Then I got a couple of real nice ones that looked like what you think a meteor should look like. One went through the Northern Cross and another was over by Aldebaran, pretty low in the southeast. That came when I was checking on the Pleiades, the Hyades, Aldebaran and Mars with with my 12X36 IS binoculars. (OK – I admit – I kept a pretty good watch for meteors, but I also did some binocular touring, so I could have missed some. But even in these conditions it’s fun to check on bright clusters like the Pleiades and Hyades. It’s also fun to know that a few hundred billion stars in the form of the Andromeda Galaxy are high overhead and looking down on you and you can look back!  All of this was easy to see in the binoculars, as was Mu Draconis, a favorite binocular double that was just above my maple tree to the northwest. )

There were a few clouds around, especially to the north and along the eastern horizon, but most of the sky was really transparent  – a 5 on a scale of 1-to-5 – and while I did check on the moons of Jupiter over in the southwest a couple of times, for the most part I kept a steady watch in the sweep of sky that goes from Capella in the east to Vega in the west and down to the “guardians” of the pole, hanging below Polaris. (No I could not make out any of the fourth magnitude stars in the Little Dipper, but I could identify stars of magnitude 3.5 and a few fainter, so I suspect my limit was right around magnitude 4. I also suspect that had there been no moon – and if my horizon were less obstructed than it is from the upper deck –  then in these skies I would have been averaging 15-30 Perseids an hour. Given that the shower doesn’t peak until roughly mid day today, that’s about right.  It’s also a very firm reminder that  in astronomy you have to seize your window of opportunity when it appears. It’s easy to get it in your head that the Perseids come every year and so there will always be another chance. There will, of course, but given the fickleness of weather, your personal schedule, and the very predictable interference of the moon, seeing a good “shower” is a rare event. So I grab what I can when I can – and frankly, it was just darned nice to  be out in the cool night air and enjoying this peaceful interlude. It ended nicely as well.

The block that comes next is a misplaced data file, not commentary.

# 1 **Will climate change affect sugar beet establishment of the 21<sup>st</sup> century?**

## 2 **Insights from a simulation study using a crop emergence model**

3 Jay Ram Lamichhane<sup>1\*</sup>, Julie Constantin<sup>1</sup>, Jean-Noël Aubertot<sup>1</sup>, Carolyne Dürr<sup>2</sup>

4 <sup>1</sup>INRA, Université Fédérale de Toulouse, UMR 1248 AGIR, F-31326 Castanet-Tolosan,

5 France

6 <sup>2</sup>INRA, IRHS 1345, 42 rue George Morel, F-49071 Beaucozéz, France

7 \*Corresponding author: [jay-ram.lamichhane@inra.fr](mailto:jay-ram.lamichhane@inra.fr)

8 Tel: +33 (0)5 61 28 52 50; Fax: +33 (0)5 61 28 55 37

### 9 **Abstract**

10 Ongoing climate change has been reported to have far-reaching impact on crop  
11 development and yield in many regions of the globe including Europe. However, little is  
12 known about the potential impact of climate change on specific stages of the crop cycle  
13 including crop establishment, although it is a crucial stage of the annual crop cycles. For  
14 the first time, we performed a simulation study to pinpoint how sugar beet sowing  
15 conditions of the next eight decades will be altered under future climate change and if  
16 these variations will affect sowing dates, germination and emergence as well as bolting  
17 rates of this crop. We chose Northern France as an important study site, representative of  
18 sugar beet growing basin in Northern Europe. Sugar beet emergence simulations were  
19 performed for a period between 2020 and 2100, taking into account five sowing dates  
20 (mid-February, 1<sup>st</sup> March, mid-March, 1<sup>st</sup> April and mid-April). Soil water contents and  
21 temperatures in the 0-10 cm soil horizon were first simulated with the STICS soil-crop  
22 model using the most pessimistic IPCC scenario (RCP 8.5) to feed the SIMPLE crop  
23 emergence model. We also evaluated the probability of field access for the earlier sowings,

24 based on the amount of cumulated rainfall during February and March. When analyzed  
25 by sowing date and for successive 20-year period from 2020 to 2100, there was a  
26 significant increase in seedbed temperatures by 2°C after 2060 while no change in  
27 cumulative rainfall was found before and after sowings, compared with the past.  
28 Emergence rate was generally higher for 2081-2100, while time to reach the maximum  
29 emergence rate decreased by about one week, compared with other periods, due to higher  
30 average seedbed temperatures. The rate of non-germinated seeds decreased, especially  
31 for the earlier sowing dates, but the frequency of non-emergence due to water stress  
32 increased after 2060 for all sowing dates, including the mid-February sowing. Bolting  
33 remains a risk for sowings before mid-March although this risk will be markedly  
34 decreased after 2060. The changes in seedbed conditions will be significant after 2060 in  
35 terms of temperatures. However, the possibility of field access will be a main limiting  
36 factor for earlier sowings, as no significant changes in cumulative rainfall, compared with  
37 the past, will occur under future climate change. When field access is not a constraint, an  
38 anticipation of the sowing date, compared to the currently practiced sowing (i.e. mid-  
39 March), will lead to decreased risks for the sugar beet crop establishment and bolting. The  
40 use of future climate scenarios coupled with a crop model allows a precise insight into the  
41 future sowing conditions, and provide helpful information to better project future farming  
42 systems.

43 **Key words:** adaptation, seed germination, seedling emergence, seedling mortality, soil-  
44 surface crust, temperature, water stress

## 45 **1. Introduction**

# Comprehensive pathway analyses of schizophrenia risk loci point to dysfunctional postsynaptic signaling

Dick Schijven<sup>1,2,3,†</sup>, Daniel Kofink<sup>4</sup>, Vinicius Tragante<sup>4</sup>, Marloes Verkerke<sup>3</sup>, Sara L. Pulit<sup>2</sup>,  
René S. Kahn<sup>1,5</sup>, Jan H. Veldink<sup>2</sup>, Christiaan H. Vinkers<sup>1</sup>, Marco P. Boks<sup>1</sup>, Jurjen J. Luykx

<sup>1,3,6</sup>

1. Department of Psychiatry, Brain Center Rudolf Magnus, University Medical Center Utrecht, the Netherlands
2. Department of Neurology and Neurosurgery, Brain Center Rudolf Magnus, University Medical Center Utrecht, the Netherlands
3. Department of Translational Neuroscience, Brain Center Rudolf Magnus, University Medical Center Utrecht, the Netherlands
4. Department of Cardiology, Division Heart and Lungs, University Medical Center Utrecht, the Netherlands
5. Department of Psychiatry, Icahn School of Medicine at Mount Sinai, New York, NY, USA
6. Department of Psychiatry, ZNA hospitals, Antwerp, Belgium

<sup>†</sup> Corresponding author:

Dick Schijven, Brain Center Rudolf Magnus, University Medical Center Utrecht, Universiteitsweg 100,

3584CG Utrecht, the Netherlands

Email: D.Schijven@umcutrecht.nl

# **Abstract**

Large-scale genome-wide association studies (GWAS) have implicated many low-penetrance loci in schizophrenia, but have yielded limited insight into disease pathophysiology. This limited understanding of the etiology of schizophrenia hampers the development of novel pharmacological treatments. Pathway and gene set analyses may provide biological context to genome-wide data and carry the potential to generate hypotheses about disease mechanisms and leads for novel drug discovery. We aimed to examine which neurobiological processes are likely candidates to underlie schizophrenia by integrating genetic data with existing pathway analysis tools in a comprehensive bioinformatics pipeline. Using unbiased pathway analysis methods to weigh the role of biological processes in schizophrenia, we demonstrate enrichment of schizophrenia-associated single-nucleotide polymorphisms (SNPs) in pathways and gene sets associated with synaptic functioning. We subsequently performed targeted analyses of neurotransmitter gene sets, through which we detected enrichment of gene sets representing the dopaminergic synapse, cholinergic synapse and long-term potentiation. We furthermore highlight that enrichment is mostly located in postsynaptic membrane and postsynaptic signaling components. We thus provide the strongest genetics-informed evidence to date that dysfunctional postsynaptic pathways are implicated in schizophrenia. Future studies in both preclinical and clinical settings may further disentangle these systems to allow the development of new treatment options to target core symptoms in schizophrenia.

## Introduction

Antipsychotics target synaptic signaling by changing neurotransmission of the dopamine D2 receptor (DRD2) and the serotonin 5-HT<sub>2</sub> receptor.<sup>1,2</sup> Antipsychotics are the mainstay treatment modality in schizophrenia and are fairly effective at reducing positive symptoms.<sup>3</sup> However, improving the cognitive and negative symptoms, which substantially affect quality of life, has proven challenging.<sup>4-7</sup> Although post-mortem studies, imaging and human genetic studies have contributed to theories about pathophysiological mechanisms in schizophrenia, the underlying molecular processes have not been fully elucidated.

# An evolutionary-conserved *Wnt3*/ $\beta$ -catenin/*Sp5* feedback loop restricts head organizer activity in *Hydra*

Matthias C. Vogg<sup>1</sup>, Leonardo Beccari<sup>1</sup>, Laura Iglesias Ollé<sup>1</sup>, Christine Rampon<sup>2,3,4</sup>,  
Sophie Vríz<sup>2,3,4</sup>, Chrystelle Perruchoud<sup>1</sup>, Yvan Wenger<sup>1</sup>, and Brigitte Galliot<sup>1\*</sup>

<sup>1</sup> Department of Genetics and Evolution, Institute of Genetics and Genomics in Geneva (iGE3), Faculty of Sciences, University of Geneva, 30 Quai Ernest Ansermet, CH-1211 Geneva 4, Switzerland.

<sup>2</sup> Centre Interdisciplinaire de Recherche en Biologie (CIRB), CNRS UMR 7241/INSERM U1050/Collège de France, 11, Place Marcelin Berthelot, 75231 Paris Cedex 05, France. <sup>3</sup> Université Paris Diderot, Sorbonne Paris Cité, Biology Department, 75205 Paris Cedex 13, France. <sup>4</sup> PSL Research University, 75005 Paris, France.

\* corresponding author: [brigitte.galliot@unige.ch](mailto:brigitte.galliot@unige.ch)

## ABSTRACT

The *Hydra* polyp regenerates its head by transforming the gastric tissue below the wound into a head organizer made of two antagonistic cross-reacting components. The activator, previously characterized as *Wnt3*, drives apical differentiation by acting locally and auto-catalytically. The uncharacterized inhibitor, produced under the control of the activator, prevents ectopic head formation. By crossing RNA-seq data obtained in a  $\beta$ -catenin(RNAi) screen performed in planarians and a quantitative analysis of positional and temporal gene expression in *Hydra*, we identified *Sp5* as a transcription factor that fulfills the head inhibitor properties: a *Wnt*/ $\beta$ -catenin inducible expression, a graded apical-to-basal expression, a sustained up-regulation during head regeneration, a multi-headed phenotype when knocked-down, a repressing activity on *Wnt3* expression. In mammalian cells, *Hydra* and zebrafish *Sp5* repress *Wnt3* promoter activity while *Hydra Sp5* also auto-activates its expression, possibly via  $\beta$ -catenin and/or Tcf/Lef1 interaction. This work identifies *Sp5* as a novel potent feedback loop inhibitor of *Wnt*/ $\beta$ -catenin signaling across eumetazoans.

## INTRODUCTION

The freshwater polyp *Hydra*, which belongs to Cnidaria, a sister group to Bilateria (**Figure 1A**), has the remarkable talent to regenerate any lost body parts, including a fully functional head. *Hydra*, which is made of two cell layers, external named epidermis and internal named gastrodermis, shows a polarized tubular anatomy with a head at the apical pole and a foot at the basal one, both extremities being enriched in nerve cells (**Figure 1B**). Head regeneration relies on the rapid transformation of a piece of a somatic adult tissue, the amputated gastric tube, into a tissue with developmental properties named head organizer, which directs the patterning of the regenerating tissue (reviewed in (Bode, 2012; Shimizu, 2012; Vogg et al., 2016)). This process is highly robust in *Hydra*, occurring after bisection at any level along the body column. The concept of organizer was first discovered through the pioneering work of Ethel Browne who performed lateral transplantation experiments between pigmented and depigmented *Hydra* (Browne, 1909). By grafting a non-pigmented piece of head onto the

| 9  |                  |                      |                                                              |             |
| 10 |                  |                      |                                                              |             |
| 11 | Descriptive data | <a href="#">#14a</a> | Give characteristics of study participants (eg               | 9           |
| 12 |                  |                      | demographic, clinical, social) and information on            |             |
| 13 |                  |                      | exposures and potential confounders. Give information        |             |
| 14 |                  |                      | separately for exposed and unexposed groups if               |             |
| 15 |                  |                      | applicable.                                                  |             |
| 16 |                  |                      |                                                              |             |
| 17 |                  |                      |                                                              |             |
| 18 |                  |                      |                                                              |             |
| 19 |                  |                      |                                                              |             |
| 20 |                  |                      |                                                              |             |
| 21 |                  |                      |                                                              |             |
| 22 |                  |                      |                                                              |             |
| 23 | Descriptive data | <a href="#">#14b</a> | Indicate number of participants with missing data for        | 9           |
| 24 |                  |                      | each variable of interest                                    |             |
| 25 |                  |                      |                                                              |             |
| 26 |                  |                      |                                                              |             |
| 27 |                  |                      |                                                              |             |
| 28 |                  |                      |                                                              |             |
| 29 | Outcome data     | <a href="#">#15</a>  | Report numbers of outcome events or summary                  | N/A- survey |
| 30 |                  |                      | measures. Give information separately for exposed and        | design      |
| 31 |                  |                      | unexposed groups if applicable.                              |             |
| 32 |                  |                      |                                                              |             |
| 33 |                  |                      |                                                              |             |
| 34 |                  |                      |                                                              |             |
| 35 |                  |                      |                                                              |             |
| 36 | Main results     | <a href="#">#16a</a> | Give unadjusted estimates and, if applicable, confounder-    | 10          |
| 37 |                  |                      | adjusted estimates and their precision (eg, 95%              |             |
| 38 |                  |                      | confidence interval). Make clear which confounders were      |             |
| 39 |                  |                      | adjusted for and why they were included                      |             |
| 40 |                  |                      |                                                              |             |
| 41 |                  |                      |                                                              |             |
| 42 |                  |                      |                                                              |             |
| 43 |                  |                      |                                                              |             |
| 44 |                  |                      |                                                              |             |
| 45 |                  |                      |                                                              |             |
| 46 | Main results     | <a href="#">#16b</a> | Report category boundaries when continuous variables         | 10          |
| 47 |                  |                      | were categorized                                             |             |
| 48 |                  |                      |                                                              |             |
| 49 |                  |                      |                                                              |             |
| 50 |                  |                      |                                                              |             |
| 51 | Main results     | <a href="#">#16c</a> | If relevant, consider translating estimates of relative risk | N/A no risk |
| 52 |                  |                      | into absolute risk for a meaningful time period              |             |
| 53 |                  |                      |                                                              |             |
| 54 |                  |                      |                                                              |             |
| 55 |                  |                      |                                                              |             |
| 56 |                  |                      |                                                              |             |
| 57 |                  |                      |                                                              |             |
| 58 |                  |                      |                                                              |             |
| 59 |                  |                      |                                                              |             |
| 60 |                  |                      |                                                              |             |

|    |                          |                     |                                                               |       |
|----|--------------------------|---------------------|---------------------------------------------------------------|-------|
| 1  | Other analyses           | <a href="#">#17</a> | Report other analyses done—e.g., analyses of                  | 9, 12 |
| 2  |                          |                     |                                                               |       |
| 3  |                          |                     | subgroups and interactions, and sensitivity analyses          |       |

About 3:15 am the clouds were building in the north and west and even in the east Venus had put in appearance, but was very red which meant it was shining through some haze. To the north a solid bank of overcast was reaching for Polaris. To the west, scattered high clouds were obscuring parts of the Summer Triangle. But I still had a window  – a wide rectangle between Perseus and Polaris. “Wouldn’t it be nice,” I thought, “if a brilliant fireball choose this moment to put in an appearance in that clear rectangle?” And bingo – there it was! Not quite a fireball, but it rivalled Jupiter in brilliance. I would put it at magnitude  -2 and while I continued to look for another minute or two, I was certain that was the finale on my 2009 and Perseid meteor “shower” experience. And real nice curtain dropper it was!

Oh  –  I forgot the “Worng Way Corrigan.”  That was a stray meteor that didn’t belong to the shower – it was in Andromeda and moving towards, rather than away from, the Perseid radiant point – but it was a very respectable meteor, just going the wrong way. Instead of heading for California, it was heading for Ireland – and I suspect both it and Corrigan knew what they were doing, but it’s more fun to think of them as confused. 😉